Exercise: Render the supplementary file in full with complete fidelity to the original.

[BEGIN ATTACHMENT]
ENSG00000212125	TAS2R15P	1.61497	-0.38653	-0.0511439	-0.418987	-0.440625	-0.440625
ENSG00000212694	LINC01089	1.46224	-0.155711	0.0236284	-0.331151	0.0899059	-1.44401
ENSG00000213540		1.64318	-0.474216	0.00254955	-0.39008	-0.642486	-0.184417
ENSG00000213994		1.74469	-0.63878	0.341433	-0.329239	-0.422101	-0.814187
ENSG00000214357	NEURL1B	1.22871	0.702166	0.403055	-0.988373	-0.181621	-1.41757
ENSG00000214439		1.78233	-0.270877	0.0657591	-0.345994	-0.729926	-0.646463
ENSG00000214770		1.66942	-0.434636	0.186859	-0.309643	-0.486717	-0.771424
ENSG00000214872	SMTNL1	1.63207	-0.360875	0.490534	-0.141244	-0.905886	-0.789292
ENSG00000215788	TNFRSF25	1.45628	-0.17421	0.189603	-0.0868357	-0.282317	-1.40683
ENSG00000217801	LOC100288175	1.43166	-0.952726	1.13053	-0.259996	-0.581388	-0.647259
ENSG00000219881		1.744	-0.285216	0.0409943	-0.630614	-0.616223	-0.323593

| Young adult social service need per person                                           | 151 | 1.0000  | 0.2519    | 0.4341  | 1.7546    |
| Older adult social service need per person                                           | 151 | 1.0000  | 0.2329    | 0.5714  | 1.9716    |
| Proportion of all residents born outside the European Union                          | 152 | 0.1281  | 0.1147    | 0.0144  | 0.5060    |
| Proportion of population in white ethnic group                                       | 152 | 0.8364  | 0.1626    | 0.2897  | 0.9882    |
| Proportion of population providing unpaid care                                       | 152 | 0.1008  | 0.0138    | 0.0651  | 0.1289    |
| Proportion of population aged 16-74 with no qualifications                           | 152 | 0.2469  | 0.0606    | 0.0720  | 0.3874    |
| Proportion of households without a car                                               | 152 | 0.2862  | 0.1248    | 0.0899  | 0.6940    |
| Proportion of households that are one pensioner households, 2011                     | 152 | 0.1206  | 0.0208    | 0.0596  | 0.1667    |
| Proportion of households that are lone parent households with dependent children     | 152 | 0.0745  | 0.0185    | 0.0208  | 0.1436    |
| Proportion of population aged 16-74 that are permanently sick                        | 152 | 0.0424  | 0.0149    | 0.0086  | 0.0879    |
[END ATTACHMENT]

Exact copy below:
ENSG00000212125	TAS2R15P	1.61497	-0.38653	-0.0511439	-0.418987	-0.440625	-0.440625
ENSG00000212694	LINC01089	1.46224	-0.155711	0.0236284	-0.331151	0.0899059	-1.44401
ENSG00000213540		1.64318	-0.474216	0.00254955	-0.39008	-0.642486	-0.184417
ENSG00000213994		1.74469	-0.63878	0.341433	-0.329239	-0.422101	-0.814187
ENSG00000214357	NEURL1B	1.22871	0.702166	0.403055	-0.988373	-0.181621	-1.41757
ENSG00000214439		1.78233	-0.270877	0.0657591	-0.345994	-0.729926	-0.646463
ENSG00000214770		1.66942	-0.434636	0.186859	-0.309643	-0.486717	-0.771424
ENSG00000214872	SMTNL1	1.63207	-0.360875	0.490534	-0.141244	-0.905886	-0.789292
ENSG00000215788	TNFRSF25	1.45628	-0.17421	0.189603	-0.0868357	-0.282317	-1.40683
ENSG00000217801	LOC100288175	1.43166	-0.952726	1.13053	-0.259996	-0.581388	-0.647259
ENSG00000219881		1.744	-0.285216	0.0409943	-0.630614	-0.616223	-0.323593

| Young adult social service need per person                                           | 151 | 1.0000  | 0.2519    | 0.4341  | 1.7546    |
| Older adult social service need per person                                           | 151 | 1.0000  | 0.2329    | 0.5714  | 1.9716    |
| Proportion of all residents born outside the European Union                          | 152 | 0.1281  | 0.1147    | 0.0144  | 0.5060    |
| Proportion of population in white ethnic group                                       | 152 | 0.8364  | 0.1626    | 0.2897  | 0.9882    |
| Proportion of population providing unpaid care                                       | 152 | 0.1008  | 0.0138    | 0.0651  | 0.1289    |
| Proportion of population aged 16-74 with no qualifications                           | 152 | 0.2469  | 0.0606    | 0.0720  | 0.3874    |
| Proportion of households without a car                                               | 152 | 0.2862  | 0.1248    | 0.0899  | 0.6940    |
| Proportion of households that are one pensioner households, 2011                     | 152 | 0.1206  | 0.0208    | 0.0596  | 0.1667    |
| Proportion of households that are lone parent households with dependent children     | 152 | 0.0745  | 0.0185    | 0.0208  | 0.1436    |
| Proportion of population aged 16-74 that are permanently sick                        | 152 | 0.0424  | 0.0149    | 0.0086  | 0.0879    |